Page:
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The most difficult period that the Polish Autocephalous Church of the 2nd Polish Republic experienced was in 1938 when, by the decision of administrative authorities, over 127 sacral buildings in Khelm region and Podlachia were pulled down. The third transfer stage took place from 1937 to 1939 and, for the most part, took the form of demolishing Orthodox churches. (It should be noted that the demolition of Orthodox churches happened throughout the whole period of the existence of the Second Polish Republic.) The churches which were destroyed were those which were the symbols of the Russian Tsar’s reign. Over thirty Orthodox churches were destroyed, including the cathedral in Saski Square in Warsaw, the Sts. Cyril and Methodius cathedral in Khelm and the Resurrection cathedral in Bialystok. The demolition of these Orthodox churches – regarded as symbols of Russian rule – was spontaneous and often irrational. Nevertheless, it never happened on a massive scale. Only in 1938 did a programme of destroying Orthodox churches emerge as a distinct element of the Polonisation effort. This programme was initiated by the government itself. The official reason was that those churches were not needed, dilapidated, or had been built as a result of Russifi ation in the past. However, it appears that the reason was to weaken the Belarusian and Ukrainian national minority movement through closing parishes and active Orthodox churches. The “pacification: of parishes in 1937 started in the Lublin region. First, a kind of social movement for the “propagation of Polish values and traditions” was created by the polish local authority. Then the army and police persecuted the Orthodox Church and people in order to convert them to Roman Catholicism. The demolition of Orthodox churches was conducted from the second half of May until the first half of July 1938. The actions were taken up by the local administration and co-ordination committees with help from the army and police in a hostile, anti-Orthodox atmosphere. To this end, the government used youth, army sappers, worker brigades, and even prisoners. Administrative and material measures were used to pressure the Orthodox who were blackmailed and threatened while their churches, which often served thousands of faithful, were destroyed. In most cases, the Orthodox community made no attempt to actively resist the demolitions. They prayed and protested, but were unable to oppose such an officially organised action. The transfer and destruction of Orthodox Church property naturally weakened the position of the Orthodox Church for the campaign limited its priestly activities, in turn creating the very conditions for transfer, the main goal of the state’s policy. Many Orthodox faithful started attending Roman Catholic churches when they had no church or parish of their own. Nonetheless, the threat to the property of the Orthodox Church brought the faithful, clergy, and church hierarchy closer together. Anti-government and anti-Polish attitudes began to grow in the Orthodox community. The result may be seen in the Khelm, Podlachia, and Volhynia regions during the Second World War.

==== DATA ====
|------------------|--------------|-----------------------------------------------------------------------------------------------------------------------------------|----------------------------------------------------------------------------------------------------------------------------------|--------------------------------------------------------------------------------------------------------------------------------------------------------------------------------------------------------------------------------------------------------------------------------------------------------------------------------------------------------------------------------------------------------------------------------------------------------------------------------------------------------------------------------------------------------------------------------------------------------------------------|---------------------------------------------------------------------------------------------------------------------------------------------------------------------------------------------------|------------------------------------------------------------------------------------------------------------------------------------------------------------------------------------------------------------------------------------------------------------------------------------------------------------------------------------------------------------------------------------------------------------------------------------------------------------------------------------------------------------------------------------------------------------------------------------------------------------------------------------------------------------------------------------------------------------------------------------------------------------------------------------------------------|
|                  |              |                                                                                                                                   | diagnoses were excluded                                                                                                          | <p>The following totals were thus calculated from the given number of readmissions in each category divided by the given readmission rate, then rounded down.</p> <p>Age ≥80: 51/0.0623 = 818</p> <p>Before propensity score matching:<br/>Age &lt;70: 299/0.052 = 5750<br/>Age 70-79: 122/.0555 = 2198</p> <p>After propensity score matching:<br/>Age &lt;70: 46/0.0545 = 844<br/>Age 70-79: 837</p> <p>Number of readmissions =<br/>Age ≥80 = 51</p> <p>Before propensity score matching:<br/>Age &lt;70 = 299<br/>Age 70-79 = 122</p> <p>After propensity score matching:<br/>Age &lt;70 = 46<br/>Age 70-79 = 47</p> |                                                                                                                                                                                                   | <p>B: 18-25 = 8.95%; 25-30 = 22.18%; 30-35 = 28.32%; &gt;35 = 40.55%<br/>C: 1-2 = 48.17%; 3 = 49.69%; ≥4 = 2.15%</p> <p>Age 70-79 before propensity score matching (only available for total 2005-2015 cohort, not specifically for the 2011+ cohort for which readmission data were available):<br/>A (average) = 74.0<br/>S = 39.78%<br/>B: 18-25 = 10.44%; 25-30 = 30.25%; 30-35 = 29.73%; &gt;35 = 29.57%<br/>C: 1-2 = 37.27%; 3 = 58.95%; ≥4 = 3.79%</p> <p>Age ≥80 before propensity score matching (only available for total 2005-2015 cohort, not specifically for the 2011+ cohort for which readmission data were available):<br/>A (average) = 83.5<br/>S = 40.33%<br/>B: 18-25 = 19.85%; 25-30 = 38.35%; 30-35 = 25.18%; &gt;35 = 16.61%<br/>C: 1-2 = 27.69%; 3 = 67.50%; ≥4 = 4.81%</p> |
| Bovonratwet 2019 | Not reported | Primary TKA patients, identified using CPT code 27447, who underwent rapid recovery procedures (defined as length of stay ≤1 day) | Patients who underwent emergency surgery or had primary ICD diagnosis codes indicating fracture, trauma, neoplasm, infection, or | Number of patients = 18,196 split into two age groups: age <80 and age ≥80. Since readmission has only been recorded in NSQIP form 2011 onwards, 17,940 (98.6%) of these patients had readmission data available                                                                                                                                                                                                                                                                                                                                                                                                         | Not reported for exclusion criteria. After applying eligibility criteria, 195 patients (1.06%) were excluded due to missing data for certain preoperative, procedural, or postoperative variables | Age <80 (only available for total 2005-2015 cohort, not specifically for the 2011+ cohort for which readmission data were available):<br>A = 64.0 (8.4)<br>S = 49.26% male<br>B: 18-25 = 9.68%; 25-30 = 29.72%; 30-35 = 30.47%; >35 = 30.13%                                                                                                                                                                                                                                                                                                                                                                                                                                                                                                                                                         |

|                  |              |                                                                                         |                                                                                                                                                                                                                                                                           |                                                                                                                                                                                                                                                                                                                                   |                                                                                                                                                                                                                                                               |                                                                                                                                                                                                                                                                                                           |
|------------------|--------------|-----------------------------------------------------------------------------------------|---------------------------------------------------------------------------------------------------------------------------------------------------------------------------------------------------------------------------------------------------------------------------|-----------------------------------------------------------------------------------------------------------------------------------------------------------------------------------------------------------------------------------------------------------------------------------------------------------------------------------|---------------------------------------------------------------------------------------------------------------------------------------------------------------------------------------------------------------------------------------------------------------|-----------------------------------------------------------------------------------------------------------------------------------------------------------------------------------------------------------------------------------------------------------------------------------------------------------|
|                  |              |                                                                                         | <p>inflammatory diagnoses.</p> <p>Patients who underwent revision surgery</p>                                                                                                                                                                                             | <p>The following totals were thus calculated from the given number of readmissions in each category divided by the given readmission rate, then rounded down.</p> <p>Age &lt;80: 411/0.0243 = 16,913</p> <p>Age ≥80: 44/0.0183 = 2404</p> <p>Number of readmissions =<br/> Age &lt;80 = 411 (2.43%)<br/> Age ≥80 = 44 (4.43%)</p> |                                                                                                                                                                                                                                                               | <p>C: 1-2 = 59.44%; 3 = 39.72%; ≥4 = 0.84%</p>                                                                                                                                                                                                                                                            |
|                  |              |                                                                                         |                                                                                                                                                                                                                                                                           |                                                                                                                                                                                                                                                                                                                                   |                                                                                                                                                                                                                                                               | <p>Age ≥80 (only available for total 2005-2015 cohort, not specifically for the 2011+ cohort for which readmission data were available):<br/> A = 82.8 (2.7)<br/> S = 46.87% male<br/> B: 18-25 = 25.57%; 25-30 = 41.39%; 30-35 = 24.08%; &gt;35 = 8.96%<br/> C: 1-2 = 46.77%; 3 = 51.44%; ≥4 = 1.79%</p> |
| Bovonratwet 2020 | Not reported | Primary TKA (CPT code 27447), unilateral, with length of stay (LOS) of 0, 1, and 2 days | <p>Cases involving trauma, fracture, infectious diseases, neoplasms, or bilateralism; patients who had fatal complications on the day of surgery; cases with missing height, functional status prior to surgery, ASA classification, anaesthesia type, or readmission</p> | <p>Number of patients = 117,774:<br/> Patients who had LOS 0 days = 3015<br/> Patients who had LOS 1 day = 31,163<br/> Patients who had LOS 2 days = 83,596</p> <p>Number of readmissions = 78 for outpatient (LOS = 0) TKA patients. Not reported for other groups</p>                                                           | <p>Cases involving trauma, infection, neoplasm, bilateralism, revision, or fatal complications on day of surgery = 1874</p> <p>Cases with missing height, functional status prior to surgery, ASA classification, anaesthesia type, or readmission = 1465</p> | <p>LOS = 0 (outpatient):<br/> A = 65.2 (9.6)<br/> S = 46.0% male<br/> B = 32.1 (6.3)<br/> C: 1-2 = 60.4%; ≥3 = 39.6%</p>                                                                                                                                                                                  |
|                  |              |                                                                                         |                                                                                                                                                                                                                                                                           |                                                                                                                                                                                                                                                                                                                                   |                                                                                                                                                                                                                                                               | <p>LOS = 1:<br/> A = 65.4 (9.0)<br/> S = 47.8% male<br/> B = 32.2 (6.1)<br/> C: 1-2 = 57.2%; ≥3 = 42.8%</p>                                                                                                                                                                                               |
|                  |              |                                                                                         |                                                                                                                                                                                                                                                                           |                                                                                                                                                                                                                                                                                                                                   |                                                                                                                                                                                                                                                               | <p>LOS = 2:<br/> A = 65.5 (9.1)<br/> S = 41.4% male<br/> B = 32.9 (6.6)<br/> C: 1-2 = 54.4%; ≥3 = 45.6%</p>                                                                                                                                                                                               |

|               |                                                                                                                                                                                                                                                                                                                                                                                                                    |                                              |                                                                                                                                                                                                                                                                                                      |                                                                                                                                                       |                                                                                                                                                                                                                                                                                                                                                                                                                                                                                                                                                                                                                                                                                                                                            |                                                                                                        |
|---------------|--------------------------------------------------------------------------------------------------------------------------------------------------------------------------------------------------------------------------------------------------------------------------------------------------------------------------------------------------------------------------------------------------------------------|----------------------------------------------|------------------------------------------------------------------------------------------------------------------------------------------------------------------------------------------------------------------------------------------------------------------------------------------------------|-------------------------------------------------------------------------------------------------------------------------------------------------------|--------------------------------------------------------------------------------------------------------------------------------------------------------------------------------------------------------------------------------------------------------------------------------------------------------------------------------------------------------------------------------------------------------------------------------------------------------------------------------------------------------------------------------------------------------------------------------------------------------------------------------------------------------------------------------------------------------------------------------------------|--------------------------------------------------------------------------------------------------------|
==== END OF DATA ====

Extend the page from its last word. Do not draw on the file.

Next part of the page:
EN